And when they came to the disciples, they saw a great crowd around them, and scribes arguing with them. And immediately all the crowd, when they saw him, were greatly amazed and ran up to him and greeted him. And he asked them, “What are you arguing about with them?” And someone from the crowd answered him, “Teacher, I brought my son to you, for he has a spirit that makes him mute. And whenever it seizes him, it throws him down, and he foams and grinds his teeth and becomes rigid. So I asked your disciples to cast it out, and they were not able.” And he answered them, “O faithless generation, how long am I to be with you? How long am I to bear with you? Bring him to me.” And they brought the boy to him. And when the spirit saw him, immediately it convulsed the boy, and he fell on the ground and rolled about, foaming at the mouth. And Jesus asked his father, “How long has this been happening to him?” And he said, “From childhood. And it has often cast him into fire and into water, to destroy him. But if you can do anything, have compassion on us and help us.” And Jesus said to him, “‘If you can’! All things are possible for one who believes.” Immediately the father of the child cried out and said, “I believe; help my unbelief!” And when Jesus saw that a crowd came running together, he rebuked the unclean spirit, saying to it, “You mute and deaf spirit, I command you, come out of him and never enter him again.” And after crying out and convulsing him terribly, it came out, and the boy was like a corpse, so that most of them said, “He is dead.” But Jesus took him by the hand and lifted him up, and he arose. And when he had entered the house, his disciples asked him privately, “Why could we not cast it out?” And he said to them, “This kind cannot be driven out by anything but prayer.” (Mark 9:14–29)

I love the incredulousness of Jesus’ “If you can!” It not only carries the sense of “Who do you think I am?” but also “Don’t you understand who you are, in God’s sight?” Which is borne out by Jesus’ next sentence, “All things are possible for one who believes.”

While it’s not simply a matter of “God helps those who help themselves,” our inability to “make” God’s will manifest might indeed be a matter of us not being in position for God to use us. Our doubt restrains God’s ability to operate. Not that he couldn’t blow past it any time he liked, as Jesus in fact does here. Nonetheless, God wants us to believe, and is willing to withhold his temporal blessings and deliverance until we do so.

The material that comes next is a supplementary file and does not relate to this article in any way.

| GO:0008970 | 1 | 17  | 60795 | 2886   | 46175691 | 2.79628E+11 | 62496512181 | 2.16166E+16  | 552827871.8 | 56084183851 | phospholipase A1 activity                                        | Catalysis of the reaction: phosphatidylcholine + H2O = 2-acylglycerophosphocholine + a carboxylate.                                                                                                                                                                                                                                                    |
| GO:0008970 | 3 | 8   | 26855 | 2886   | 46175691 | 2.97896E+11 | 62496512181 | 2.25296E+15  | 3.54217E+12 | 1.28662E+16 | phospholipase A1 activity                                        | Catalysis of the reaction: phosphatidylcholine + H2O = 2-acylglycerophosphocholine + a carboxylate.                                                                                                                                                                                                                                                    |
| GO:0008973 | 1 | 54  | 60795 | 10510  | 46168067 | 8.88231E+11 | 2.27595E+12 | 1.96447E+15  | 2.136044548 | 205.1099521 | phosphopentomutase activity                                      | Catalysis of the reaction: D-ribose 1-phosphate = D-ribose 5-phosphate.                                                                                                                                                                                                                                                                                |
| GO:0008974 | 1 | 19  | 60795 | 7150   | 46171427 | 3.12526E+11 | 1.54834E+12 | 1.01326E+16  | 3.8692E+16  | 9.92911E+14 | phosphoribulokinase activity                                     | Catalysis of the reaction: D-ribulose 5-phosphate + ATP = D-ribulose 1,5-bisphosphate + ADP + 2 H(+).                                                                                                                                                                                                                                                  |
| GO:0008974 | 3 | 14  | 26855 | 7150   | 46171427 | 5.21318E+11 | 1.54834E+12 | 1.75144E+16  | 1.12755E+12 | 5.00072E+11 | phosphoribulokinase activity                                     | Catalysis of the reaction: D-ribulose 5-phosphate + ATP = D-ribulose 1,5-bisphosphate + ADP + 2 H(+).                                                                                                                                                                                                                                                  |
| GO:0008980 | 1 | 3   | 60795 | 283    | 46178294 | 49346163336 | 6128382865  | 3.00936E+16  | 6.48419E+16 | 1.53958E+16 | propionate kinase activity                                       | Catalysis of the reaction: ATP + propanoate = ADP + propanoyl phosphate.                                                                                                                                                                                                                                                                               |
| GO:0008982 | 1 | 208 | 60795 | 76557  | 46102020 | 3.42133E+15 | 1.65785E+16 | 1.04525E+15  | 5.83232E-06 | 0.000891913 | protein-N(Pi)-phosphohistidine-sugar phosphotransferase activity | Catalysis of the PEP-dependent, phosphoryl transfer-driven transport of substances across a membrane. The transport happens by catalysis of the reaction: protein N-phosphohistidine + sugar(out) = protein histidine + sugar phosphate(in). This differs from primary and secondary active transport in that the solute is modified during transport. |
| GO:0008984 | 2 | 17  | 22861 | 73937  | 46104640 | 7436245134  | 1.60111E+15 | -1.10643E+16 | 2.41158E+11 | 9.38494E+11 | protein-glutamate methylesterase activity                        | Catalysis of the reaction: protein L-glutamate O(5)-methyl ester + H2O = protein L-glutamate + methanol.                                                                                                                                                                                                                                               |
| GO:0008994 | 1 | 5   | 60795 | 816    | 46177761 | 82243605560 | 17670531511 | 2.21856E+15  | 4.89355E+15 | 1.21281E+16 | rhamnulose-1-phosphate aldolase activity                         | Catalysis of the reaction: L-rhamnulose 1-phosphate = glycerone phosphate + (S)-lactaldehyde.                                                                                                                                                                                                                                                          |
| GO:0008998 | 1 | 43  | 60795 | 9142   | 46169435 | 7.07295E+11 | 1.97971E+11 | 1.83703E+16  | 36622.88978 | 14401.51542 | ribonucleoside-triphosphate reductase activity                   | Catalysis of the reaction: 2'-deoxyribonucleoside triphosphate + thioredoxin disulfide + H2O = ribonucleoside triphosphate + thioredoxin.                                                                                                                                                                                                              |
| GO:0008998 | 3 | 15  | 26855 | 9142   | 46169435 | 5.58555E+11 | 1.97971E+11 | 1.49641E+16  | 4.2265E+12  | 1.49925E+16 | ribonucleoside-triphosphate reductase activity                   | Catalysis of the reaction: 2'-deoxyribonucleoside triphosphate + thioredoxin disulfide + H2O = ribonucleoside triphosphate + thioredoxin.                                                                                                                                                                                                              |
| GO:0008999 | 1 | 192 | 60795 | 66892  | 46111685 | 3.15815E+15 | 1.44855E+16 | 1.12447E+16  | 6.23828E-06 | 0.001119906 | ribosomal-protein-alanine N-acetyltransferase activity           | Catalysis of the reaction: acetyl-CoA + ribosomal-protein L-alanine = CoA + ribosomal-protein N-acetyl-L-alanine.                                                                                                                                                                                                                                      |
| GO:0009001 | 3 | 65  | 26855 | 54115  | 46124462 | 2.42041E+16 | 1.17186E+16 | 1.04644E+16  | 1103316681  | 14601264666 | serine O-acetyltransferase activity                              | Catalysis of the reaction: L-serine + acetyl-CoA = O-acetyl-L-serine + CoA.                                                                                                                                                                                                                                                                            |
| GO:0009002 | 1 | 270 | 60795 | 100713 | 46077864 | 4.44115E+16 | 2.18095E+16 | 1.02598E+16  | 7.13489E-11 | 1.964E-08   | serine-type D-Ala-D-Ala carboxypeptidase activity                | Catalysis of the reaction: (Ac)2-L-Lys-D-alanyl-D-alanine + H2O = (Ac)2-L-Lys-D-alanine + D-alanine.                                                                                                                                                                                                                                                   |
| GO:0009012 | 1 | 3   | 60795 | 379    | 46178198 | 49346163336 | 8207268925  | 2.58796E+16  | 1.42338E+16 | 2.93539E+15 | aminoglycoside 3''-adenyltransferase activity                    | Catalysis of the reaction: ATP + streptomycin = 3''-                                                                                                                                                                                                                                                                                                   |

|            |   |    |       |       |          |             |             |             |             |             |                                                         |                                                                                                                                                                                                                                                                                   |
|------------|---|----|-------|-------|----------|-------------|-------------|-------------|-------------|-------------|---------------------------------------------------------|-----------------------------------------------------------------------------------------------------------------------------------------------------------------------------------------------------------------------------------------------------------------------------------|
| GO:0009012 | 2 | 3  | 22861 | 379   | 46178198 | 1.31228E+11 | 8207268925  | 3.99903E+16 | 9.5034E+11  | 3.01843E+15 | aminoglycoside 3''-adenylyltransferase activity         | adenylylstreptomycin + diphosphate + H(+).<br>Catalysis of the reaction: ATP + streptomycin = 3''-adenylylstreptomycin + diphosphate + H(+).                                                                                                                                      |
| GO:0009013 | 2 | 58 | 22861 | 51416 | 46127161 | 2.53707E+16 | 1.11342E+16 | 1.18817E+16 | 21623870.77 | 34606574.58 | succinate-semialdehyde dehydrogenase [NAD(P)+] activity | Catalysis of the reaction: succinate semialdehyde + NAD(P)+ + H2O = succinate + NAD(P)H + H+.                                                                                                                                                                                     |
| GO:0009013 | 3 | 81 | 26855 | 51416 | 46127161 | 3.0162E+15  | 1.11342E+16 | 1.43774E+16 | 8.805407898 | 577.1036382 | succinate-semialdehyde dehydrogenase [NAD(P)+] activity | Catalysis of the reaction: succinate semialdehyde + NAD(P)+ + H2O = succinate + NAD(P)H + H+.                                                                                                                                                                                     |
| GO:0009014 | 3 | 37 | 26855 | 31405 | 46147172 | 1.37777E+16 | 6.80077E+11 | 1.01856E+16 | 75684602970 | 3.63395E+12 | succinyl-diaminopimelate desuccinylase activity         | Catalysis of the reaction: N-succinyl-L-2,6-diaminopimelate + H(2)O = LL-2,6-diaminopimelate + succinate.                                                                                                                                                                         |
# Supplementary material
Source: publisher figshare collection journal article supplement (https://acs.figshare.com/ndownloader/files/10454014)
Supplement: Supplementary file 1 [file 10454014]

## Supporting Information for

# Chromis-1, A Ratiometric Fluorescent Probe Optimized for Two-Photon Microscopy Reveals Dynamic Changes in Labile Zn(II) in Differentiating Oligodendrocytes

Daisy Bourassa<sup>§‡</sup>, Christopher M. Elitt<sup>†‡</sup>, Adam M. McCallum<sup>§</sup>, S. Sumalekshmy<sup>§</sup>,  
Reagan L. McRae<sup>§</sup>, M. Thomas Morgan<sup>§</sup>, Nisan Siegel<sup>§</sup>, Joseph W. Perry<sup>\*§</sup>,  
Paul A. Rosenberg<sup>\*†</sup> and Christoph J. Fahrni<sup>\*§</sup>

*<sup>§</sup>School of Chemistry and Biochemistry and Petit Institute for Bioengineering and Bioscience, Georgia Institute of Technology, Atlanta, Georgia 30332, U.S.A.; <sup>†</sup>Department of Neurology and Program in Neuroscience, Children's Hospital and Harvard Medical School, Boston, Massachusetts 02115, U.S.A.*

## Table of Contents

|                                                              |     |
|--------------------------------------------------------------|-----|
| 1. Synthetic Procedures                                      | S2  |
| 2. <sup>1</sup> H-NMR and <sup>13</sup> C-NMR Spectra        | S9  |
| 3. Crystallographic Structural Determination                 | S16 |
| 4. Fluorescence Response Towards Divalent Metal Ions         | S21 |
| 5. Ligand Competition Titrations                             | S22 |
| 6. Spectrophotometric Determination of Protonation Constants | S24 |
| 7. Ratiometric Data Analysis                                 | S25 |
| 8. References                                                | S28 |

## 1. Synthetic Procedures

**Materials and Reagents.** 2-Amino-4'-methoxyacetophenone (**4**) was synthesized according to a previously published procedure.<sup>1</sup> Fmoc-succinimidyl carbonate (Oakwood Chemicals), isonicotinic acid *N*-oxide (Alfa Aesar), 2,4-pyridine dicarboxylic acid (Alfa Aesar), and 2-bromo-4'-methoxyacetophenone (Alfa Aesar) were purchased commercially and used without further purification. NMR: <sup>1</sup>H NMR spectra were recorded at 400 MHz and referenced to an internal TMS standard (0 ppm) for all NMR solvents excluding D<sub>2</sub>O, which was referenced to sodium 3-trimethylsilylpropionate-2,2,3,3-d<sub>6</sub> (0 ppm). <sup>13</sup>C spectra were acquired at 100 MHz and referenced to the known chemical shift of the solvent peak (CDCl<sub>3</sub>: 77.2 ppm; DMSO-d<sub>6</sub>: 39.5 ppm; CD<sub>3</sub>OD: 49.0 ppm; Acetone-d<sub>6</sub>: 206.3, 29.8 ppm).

I’m not advocating a “name-it-and-claim-it” theology here, but I am suggesting a principle of “believe it and you’ll receive it”—provided it’s what God wanted to give you all along. Psalm 84:11b affirms this: “No good thing does he withhold from those who walk uprightly.” There is a truth buried within the more positivistic twistings of the gospel, and it’s this: So much of God’s will for our lives remains unclaimed, because we can’t bring ourselves to believe that God would really want to do something good for us.

Thus, I suspect that the prayer and fasting the disciples lacked for this situation wasn’t purely a matter of failing to press the right spiritual buttons—let alone “if you do this spiritual discipline more regularly, you’ll be so much more effective for the kingdom.” There’s truth to that, but there’s a deeper truth here: Like every spiritual discipline, prayer and fasting was a way for the disciples to humble themselves before God so that they too could see the situation properly, become acutely aware of their own fallenness, human inability, and just plain lack of trust—and acknowledge, as the boy’s father did, “I believe; help my unbelief!”

Lay down your doubt, and let Jesus help your unbelief, so that you can receive the good things he has already prepared for you.

Lay It Down Today

Let’s get more creative with today’s passage from Mark. Read it again right now, putting yourself in the disciples’ place. Experience the inability to heal, Jesus’ rebuke, and the curiosity/humility afterward. Then read it once more, from the perspective of the father—the overwhelmedness and desperation for his son to be delivered, and the equally deep desperation to want to believe fully that Jesus could, and would, deliver his son.

Who do you identify with more right now? Spend some time giving up your doubt, and the roadblocks you’ve placed to reinforce that doubt, to Jesus right now. Hand over to him those things that make you anxious or overwhelmed. Let him handle them, and ask him to keep those things out of your hands from this day forward.